The Agency's proposal to authorize local management to terminate scheduled overtime shifts . . . without any advance notice and in the middle of the shifts, violates 5 C.F.R. Part 610 and thus constitutes an unjustified and unwarranted personnel action for which the terminated employees are entitled to full compensation for their entire shifts under the Back Pay Act.

Response to OPM Advisory Opinion at 5.(6) With respect to the latter construction, we note the Union's statement, quoted above, regarding the Agency's alleged practice of assigning non-inspection duties.

When a proposal is silent as to a particular matter, a union statement clarifying the matter is considered consistent with the proposal's wording as long as the statement otherwise comports with the proposal's wording. See National Education Association, Overseas Education Association, Laurel Bay Teachers Association and U.S. Department of Defense, Department of Defense Domestic Schools, Laurel Bay Dependents Schools, Elementary and Secondary Schools, Laurel Bay, South Carolina, 51 FLRA No. 63 (1996), slip op. at 5. The proposal unconditionally defines the number of Sunday overtime hours as 8 in the situation where an employee scheduled to work an 8-hour Sunday overtime shift is sent home early, and is silent as to how the number of overtime hours can be 8 when a shift is terminated before 8 hours are worked. We note, in this regard, that nothing in the wording of this proposal conditions the statement that "Sunday OT hours are eight" on an obligation under the Back Pay Act to pay employees for a violation of 5 U.S.C. § 6101 or 5 C.F.R. § 610.121, or on an assignment of non-inspection work. Moreover, as the proposal applies in a situation where an overtime tour of duty is terminated before its scheduled end, it is difficult to interpret in any logical fashion the proposal as requiring the Agency to assign additional work in lieu of terminating the tour.

Notwithstanding the foregoing, however, the parties' arguments demonstrate their understanding of the proposal as requiring either: (1) compliance with 5 U.S.C. § 6101 and/or 5 C.F.R. § 610.121 and resultant, future liability under the Back Pay Act in the event of noncompliance(7); or (2) the assignment of non-inspection work. The parties' arguments also demonstrate that they disagree over whether, under either construction, the proposal is within the Agency's duty to bargain. Accordingly, in view of the unique circumstances in which this case now is before us and in the interest of fully resolving the issues, we will analyze the proposal under both alternative constructions.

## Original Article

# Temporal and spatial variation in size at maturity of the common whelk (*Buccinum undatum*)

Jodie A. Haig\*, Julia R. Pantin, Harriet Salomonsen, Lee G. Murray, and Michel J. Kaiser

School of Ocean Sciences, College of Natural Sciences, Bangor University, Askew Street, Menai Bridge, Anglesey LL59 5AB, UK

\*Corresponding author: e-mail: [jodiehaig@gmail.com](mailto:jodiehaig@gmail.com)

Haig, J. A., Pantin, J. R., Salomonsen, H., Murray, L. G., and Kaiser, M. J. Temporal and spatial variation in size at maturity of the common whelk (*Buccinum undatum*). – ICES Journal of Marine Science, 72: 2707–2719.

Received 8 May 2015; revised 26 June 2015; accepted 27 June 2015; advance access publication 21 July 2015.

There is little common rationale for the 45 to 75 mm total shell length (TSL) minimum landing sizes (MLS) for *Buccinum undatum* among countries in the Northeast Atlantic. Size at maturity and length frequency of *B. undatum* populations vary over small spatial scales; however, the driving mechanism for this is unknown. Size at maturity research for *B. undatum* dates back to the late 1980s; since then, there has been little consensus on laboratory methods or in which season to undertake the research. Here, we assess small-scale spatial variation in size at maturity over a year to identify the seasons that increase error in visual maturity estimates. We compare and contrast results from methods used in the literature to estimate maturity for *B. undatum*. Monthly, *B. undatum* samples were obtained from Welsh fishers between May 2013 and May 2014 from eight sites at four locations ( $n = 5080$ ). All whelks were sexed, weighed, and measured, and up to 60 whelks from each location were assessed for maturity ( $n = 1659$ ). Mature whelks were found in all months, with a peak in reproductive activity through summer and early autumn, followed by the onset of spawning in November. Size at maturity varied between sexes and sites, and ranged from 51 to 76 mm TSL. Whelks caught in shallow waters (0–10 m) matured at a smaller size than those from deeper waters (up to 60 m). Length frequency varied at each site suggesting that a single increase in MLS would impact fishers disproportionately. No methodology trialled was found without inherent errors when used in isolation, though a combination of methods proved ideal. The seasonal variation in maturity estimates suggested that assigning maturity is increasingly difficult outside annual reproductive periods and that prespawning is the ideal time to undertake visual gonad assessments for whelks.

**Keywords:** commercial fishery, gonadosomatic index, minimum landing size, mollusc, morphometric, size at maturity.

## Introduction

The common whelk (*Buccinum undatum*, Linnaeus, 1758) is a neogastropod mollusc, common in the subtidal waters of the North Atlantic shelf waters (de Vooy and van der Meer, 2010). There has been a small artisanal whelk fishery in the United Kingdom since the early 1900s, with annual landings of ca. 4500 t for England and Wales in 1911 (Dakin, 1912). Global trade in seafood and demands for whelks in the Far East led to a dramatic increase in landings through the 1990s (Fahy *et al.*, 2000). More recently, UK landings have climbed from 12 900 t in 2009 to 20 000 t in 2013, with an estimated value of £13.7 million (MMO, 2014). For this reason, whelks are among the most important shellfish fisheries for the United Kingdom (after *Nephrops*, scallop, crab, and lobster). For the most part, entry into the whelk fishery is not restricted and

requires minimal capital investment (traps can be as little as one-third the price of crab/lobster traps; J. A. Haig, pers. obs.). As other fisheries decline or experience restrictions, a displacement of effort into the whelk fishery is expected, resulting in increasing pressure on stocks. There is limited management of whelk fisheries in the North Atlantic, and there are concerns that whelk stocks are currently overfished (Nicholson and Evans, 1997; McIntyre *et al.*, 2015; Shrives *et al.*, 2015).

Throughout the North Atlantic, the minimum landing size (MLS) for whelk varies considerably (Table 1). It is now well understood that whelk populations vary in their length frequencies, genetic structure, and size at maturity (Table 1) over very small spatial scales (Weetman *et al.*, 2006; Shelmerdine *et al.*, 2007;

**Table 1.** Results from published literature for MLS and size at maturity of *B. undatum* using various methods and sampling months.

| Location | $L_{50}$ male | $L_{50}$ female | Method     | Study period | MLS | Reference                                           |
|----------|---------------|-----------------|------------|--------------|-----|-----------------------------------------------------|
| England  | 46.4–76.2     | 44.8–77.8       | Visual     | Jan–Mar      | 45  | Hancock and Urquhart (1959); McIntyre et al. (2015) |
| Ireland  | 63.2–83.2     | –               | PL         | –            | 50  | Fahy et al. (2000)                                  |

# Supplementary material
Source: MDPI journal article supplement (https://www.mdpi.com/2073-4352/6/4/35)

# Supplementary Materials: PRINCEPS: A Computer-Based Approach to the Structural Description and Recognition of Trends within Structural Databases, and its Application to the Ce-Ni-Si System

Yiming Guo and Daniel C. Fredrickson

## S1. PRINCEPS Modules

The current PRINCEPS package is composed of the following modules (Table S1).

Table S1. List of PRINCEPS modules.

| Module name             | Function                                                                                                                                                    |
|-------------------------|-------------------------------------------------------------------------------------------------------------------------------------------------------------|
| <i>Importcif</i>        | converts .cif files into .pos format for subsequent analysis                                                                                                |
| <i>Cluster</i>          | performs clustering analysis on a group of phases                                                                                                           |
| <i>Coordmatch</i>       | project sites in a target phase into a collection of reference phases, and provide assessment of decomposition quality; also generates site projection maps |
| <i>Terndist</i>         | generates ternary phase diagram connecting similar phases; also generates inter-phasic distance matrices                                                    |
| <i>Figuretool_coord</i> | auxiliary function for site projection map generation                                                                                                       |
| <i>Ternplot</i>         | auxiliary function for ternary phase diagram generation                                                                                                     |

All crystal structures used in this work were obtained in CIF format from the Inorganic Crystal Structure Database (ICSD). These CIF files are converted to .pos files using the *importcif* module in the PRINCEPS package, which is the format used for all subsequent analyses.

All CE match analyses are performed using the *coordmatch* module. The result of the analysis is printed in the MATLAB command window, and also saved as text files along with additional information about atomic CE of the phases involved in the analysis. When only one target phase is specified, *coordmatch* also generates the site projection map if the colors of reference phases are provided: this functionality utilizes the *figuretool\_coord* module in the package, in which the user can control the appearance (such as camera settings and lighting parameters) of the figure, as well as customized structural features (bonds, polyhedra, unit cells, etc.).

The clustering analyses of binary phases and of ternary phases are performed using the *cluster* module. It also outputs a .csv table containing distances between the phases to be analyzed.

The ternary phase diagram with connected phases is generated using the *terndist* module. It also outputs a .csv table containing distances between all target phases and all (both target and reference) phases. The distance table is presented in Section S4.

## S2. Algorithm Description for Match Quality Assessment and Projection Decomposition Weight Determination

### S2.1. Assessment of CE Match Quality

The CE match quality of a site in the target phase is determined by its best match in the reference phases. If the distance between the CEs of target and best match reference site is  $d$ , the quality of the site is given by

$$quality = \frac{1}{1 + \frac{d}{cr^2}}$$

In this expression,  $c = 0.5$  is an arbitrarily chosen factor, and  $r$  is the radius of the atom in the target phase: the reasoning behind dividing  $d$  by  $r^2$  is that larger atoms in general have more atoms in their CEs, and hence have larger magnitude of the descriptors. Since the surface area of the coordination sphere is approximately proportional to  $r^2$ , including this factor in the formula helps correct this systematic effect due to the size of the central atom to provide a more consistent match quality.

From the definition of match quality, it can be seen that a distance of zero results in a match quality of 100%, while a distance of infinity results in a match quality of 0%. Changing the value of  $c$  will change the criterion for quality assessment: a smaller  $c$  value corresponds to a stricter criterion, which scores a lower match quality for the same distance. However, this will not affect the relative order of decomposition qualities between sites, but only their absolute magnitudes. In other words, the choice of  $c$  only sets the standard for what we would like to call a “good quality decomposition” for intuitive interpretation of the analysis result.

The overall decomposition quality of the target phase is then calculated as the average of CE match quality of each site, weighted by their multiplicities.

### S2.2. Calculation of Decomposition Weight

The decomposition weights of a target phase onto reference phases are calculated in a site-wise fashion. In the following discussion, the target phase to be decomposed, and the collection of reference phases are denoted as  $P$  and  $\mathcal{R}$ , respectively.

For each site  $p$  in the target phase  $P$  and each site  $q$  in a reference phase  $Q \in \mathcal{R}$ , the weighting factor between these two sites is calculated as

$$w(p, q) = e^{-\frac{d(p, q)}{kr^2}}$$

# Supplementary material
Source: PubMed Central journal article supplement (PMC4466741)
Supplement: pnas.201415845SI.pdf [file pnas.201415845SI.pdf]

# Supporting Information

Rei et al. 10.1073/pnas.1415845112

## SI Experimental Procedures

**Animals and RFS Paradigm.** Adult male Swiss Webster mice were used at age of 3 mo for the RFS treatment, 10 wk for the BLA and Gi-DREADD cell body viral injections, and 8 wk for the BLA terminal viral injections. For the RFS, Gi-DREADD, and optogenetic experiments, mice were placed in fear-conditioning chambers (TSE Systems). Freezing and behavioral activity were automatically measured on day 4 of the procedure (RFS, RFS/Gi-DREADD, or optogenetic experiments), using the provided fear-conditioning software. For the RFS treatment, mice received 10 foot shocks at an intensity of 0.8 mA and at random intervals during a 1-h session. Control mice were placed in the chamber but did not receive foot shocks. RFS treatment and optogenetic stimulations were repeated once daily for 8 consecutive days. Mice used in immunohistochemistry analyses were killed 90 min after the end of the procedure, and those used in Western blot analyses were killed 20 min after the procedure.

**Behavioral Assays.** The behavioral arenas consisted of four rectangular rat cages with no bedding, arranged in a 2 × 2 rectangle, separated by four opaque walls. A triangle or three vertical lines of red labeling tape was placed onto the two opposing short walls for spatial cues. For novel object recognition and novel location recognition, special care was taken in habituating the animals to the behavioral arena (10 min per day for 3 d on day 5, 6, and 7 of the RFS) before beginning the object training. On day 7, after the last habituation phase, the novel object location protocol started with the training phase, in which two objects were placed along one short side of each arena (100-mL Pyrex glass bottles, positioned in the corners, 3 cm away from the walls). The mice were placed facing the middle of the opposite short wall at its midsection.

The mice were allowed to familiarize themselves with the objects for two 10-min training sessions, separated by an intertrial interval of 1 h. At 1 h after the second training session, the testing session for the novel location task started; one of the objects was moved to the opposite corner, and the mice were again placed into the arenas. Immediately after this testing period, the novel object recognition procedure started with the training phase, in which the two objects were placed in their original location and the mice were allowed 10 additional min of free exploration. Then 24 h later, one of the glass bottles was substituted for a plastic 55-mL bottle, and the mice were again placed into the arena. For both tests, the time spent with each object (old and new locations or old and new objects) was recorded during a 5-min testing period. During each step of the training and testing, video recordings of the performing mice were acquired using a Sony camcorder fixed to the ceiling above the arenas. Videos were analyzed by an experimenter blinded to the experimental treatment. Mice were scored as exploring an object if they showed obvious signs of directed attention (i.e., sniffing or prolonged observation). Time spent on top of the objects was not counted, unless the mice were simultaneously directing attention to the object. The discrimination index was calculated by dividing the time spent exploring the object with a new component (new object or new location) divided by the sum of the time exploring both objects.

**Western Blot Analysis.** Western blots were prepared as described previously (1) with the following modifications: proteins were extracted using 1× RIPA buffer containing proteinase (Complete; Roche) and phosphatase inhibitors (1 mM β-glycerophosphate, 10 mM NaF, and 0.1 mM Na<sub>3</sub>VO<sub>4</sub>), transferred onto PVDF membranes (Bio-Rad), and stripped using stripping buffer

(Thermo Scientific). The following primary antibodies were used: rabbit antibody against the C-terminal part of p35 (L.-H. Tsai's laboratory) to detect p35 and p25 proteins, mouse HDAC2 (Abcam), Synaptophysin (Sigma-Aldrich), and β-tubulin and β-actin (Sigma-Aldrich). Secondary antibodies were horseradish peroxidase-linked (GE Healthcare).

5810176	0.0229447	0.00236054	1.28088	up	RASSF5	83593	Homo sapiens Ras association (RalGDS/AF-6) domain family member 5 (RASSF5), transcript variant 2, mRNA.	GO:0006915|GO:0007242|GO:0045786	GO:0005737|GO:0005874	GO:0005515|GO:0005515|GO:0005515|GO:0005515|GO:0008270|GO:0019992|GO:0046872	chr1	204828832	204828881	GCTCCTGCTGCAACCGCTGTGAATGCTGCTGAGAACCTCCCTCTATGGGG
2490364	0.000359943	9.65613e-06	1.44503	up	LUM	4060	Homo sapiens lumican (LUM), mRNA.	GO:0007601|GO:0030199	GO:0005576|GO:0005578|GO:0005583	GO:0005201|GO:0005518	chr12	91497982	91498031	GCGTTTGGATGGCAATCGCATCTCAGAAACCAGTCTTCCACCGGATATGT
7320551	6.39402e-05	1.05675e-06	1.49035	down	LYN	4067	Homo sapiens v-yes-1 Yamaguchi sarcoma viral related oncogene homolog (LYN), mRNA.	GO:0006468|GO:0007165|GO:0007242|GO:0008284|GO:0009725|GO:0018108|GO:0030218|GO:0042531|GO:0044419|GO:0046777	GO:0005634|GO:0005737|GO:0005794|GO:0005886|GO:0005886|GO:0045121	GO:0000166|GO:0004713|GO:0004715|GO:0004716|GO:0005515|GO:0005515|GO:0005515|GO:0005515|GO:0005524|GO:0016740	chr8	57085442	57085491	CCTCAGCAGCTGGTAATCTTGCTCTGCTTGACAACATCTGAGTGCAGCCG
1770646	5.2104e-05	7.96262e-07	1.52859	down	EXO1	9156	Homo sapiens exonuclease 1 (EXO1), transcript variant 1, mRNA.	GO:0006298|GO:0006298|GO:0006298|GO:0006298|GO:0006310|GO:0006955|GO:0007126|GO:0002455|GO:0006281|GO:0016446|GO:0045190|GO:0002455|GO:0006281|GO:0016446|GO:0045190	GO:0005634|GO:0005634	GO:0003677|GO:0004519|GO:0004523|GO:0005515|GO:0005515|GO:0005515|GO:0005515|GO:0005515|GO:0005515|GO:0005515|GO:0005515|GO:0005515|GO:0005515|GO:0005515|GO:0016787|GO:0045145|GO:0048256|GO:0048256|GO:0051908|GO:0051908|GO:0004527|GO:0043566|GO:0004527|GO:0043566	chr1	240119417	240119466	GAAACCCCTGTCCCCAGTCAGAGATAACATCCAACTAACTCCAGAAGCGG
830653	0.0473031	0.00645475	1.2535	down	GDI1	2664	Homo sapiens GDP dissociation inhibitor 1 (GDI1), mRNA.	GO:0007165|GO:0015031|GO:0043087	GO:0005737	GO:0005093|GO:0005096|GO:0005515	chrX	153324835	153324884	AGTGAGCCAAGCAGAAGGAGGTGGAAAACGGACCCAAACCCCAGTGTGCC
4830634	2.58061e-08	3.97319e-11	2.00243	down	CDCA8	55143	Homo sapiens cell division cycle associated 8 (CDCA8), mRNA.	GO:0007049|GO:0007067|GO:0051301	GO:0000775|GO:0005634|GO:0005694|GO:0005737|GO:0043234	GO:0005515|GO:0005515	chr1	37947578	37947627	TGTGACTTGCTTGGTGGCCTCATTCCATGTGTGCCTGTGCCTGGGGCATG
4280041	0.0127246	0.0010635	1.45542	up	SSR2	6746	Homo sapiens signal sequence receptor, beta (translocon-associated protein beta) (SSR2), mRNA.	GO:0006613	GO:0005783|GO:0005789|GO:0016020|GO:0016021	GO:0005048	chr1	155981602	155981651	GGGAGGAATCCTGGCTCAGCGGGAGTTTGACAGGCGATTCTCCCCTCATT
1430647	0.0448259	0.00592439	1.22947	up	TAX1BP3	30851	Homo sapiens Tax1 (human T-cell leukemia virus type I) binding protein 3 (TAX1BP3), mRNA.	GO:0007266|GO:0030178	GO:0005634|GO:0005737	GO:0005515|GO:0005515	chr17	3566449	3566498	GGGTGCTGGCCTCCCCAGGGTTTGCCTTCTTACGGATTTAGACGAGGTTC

1. To the Extent the Proposal Requires the Agency to Comply With 5 U.S.C. § 6101 and 5 C.F.R. § 610.121 in Terminating Sunday Tours of Duty and to Compensate Employees in the Event of Noncompliance, It is Outside the Duty to Bargain

A threshold issue before the Authority in this remand is whether 5 U.S.C. § 6101 and 5 C.F.R. § 610.121 apply to the PPQ officers involved in this case. This is the issue on which OPM's advisory opinion was sought. If these provisions apply, an additional issue is whether, as the Union argues, they constrain the Agency's ability to terminate Sunday tours of duty in the circumstances addressed by this proposal, so as to permit the Union to include such constraint in a collective bargaining agreement and, thereby, create a pay entitlement for affected PPQ officers under the Back Pay Act.

The regulations in 5 C.F.R. Part 610, governing work schedules, were promulgated by OPM pursuant to specific statutory authority. An agency's interpretation of its own regulations is controlling unless it is "plainly erroneous or inconsistent" with the language of the regulation. FLRA v. U.S. Department of the Treasury, Financial Management Service, 884 F.2d 1446, 1454 (1989), cert. denied, 493 U.S. 1055 (1990) (FLRA v. Treasury). Moreover, 5 C.F.R. § 610.121 was promulgated to implement 5 U.S.C. § 6101 pursuant to specific statutory authorization in 5 U.S.C. § 6101(c). Where Congress has not directly spoken to a precise question, an agency's interpretation of the statutory scheme it is entrusted to administer is to be accorded considerable weight so long as its interpretation is based on a permissible construction of the statute. Chevron U.S.A. v. Natural Resources Defense Council, 467 U.S. 837, 842-45 (1984).